How can you find a “noble cause”…one that serves you AND serves other people?
That’s a question that I recently received from a reader.
I think that question resonates with most of us.
Few of us are so selfish that we want to only do things that are good for us, without thinking about other people.
Likewise, few of us are so self-sacrificing that we only want to serve other people, and not take care of our own needs.
So how do you find that balance, how do you find that sweet spot where you’re able to BOTH serve other people and meet your own needs?
My first answer is this: I don’t know.
If I did know, I’d probably be the richest person in the world (believe me, I’m not!).
That doesn’t mean that I can’t give you some tips, some ideas, some things to think about.
But I can’t give you “AN answer” or “THE answer”.
So I echo the words of David Richo, who in his most recent book writes:
“I am not a “know-it-all” as I present you with this book, only a “guess-this-much.” So I won’t be leading our challenging expedition, only shyly accompanying you.”
I am likewise only a “guess-this-much”.
So here are my guesses on how you can find your noble cause:
6 Ways To Find Your Noble Cause
1) Pay attention to your life:
We live in a world where our energy is drawn in a thousand different directions.
There are distractions everywhere.
And they grab our attention so easily.
And so we lose touch with ourselves.
So try to slow down.
Take long, walks in nature.
Watch a sunset.
Write down your thoughts.
Write down your dreams and daydreams.
Write down what stirs your heart, what angers you, what makes you cry, what makes you laugh.
See where your energy is drawn, look for themes and patterns, and see what emerges as you pay attention to your life.
2) Talk to people:
We often think that we can solve “problems of living” by doing internal work.
And that is part of the process.
But in doing that, we shut off a wonderful source of wisdom: other people.
So talk to them.
Ask people you trust what they think you should do with your life, what they think you’d be good at. (just be careful of people who might have hidden agendas for you…make sure you talk to people who can be objective).
Talk to a coach or a counselor or someone similar.
Find people who have answered the question that you’re trying to answer.
Ask them how they got to where they are today.
Ask them how they “figured things out”.
3) Take action:
Nothing happens without action.
You can’t ever really know if a path is a fit for you unless you give it a try.
This is what stops many people.
They want 100% certainty before they take action.
But life doesn’t work that way.
So try some things out.
Dip your toe in the water and see what resonates with you.
Take action over and over and over again until you find something that works for you.
4) Be patient:
We know that life is short.
And so we often want answers RIGHT NOW.
But sometimes the best thing to do is be patient.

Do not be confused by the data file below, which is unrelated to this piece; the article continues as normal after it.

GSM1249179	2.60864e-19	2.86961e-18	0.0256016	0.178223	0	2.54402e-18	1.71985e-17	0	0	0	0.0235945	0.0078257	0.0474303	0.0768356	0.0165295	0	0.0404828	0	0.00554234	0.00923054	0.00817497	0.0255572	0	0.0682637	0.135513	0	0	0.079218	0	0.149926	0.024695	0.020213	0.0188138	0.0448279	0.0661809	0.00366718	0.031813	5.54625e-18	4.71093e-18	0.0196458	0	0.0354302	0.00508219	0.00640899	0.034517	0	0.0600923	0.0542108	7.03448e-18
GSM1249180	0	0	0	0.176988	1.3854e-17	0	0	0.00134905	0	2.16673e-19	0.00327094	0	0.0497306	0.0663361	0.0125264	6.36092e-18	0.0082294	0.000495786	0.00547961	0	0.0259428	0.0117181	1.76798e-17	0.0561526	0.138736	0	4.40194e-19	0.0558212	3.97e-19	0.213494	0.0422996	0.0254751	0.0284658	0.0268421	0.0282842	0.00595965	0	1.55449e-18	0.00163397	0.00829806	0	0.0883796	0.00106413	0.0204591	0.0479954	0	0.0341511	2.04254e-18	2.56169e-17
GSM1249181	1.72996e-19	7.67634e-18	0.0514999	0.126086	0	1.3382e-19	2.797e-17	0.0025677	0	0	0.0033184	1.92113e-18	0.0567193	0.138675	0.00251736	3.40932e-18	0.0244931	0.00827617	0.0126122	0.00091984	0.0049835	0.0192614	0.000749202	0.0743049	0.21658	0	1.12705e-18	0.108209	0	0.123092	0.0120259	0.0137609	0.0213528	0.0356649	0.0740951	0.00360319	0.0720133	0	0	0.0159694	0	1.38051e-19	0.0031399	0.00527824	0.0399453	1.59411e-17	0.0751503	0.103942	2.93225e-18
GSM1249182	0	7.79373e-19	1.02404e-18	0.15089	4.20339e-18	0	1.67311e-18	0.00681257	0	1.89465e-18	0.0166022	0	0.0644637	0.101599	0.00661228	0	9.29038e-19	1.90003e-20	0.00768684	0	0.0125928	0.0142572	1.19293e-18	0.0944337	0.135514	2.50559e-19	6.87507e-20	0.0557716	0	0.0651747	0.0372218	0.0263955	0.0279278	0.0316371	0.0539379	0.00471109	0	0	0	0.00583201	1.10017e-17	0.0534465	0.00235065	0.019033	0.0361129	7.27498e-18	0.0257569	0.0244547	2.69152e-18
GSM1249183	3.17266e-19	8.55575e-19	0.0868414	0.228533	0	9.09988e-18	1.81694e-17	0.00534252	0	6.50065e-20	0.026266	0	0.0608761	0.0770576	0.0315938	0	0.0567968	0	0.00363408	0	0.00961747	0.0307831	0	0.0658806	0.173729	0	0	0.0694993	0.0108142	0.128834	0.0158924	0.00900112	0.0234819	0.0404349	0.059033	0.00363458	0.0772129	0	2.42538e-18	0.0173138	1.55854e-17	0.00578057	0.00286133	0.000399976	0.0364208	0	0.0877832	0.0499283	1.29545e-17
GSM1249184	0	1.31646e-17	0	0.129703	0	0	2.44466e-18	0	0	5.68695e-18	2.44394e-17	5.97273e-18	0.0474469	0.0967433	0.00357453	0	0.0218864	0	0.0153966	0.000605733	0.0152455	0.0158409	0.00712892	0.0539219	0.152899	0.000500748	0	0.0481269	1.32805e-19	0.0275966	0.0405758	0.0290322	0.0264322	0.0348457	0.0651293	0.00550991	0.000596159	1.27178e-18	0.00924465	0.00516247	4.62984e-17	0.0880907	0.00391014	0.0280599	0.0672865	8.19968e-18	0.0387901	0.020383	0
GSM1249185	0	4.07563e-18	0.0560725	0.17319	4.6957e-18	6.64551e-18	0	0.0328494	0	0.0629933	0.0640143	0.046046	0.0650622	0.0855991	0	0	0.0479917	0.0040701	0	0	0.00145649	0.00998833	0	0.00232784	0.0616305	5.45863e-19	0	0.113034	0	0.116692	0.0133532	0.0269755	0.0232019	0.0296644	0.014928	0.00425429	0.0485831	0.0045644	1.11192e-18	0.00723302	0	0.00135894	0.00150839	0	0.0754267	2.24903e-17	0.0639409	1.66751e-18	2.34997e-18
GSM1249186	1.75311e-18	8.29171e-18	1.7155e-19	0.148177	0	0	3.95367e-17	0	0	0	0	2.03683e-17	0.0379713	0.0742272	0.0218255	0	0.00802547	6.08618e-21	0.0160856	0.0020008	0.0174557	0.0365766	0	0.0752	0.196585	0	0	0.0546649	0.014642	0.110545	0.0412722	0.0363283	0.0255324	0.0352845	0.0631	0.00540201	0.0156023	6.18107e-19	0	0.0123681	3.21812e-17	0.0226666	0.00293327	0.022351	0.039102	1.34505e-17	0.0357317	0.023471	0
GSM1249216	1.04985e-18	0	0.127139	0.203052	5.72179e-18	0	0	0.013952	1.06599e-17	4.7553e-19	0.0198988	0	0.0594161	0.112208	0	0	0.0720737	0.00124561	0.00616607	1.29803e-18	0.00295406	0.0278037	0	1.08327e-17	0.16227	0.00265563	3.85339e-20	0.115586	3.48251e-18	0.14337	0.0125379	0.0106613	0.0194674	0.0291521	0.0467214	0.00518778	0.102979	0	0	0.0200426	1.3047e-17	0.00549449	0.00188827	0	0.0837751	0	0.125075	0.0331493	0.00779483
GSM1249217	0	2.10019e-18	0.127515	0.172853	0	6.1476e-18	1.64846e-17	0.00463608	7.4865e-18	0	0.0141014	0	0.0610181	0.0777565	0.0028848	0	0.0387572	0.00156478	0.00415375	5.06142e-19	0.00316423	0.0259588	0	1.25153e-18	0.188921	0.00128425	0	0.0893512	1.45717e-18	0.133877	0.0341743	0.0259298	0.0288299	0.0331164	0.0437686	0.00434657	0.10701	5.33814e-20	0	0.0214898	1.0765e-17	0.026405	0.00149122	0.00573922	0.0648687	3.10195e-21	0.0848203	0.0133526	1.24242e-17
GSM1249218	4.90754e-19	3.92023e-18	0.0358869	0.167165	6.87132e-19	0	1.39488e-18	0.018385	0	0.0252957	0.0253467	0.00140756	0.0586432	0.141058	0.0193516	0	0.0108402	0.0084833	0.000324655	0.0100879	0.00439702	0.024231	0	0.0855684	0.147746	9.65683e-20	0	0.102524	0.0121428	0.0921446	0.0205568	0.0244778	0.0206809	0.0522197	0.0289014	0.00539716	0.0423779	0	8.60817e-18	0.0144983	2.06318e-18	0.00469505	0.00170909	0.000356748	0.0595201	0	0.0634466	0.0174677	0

Being patient isn’t about giving up.
It’s about accepting that the difficult questions in life take time to answer.
What matters is your commitment to answering the question.
Sometimes that means attacking the question hard, putting as much energy as you can into answering it.
Other times that means backing off, letting the question sit there, and being okay with uncertainty.
5) Be open to serendipity:
There’s a story, a true story, of a corporate manager in Portland, Oregon, who lost his job.
He looked and looked and looked and couldn’t find anything.
And then one day a friend told him about a furniture dealer who was looking to unload a semi-truck of mattresses.
He and his friend went in together, bought the mattresses, and then sold them out of a parking lot.
The man took his share of the profits, rented a storeroom, and opened a matress store.
He’s carved out a niche in Portland – selling inexpensive mattresses, using low/no-pressure sales tactics, and offering delivery via bicycle.
Michael Hanna didn’t set out to become a mattress salesman.
He didn’t have any retail experience.
He didn’t go through any long, drawn out process to figure out what he should do with his life.
He was simply open to serendipity.
An opportunity came up, he seized it, and the rest is history.
Oh, he also reports that he’s never been happier in his life.
6) Accept that there is no ultimate answer:
Sometimes there is no ultimate answer.
See, we sometimes want THE answer that will remain THE answer for the rest of our lives.
And so we reject answers that appear to be temporary.
But what if there wasn’t one ultimate answer?
What if, instead, there was s series of temporary answers throughout your life?
And you simply moved from one temporary answer to the next throughout your life.
How might that change your answer to the question: “How can I find a “noble cause”…one that serves myself AND serves other people?”
So those are my thoughts, my “guesses’ at how you can find your noble cause.
What do YOU think?
Do any of my guesses help you?
Do you have any thoughts on how someone can answer this question, something that I didn’t mention?
If so, leave them in the comments below!